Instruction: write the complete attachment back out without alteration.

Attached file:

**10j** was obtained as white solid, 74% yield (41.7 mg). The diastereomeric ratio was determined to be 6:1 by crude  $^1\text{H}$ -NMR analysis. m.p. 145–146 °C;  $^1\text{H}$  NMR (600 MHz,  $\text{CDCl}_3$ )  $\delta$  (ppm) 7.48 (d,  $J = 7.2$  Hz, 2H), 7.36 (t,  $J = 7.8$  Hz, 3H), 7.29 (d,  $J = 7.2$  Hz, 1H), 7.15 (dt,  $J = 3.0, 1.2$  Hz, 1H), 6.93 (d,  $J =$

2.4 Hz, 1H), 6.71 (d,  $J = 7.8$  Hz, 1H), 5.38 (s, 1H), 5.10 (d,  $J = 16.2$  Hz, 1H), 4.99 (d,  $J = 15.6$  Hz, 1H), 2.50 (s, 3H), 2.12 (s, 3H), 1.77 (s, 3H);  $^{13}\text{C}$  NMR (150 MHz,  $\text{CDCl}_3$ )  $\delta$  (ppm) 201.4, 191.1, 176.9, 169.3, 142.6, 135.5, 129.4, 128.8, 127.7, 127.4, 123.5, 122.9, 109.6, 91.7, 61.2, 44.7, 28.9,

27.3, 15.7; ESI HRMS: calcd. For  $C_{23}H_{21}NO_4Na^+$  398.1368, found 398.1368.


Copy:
**10j** was obtained as white solid, 74% yield (41.7 mg). The diastereomeric ratio was determined to be 6:1 by crude  $^1\text{H}$ -NMR analysis. m.p. 145–146 °C;  $^1\text{H}$  NMR (600 MHz,  $\text{CDCl}_3$ )  $\delta$  (ppm) 7.48 (d,  $J = 7.2$  Hz, 2H), 7.36 (t,  $J = 7.8$  Hz, 3H), 7.29 (d,  $J = 7.2$  Hz, 1H), 7.15 (dt,  $J = 3.0, 1.2$  Hz, 1H), 6.93 (d,  $J =$

2.4 Hz, 1H), 6.71 (d,  $J = 7.8$  Hz, 1H), 5.38 (s, 1H), 5.10 (d,  $J = 16.2$  Hz, 1H), 4.99 (d,  $J = 15.6$  Hz, 1H), 2.50 (s, 3H), 2.12 (s, 3H), 1.77 (s, 3H);  $^{13}\text{C}$  NMR (150 MHz,  $\text{CDCl}_3$ )  $\delta$  (ppm) 201.4, 191.1, 176.9, 169.3, 142.6, 135.5, 129.4, 128.8, 127.7, 127.4, 123.5, 122.9, 109.6, 91.7, 61.2, 44.7, 28.9,

27.3, 15.7; ESI HRMS: calcd. For  $C_{23}H_{21}NO_4Na^+$  398.1368, found 398.1368.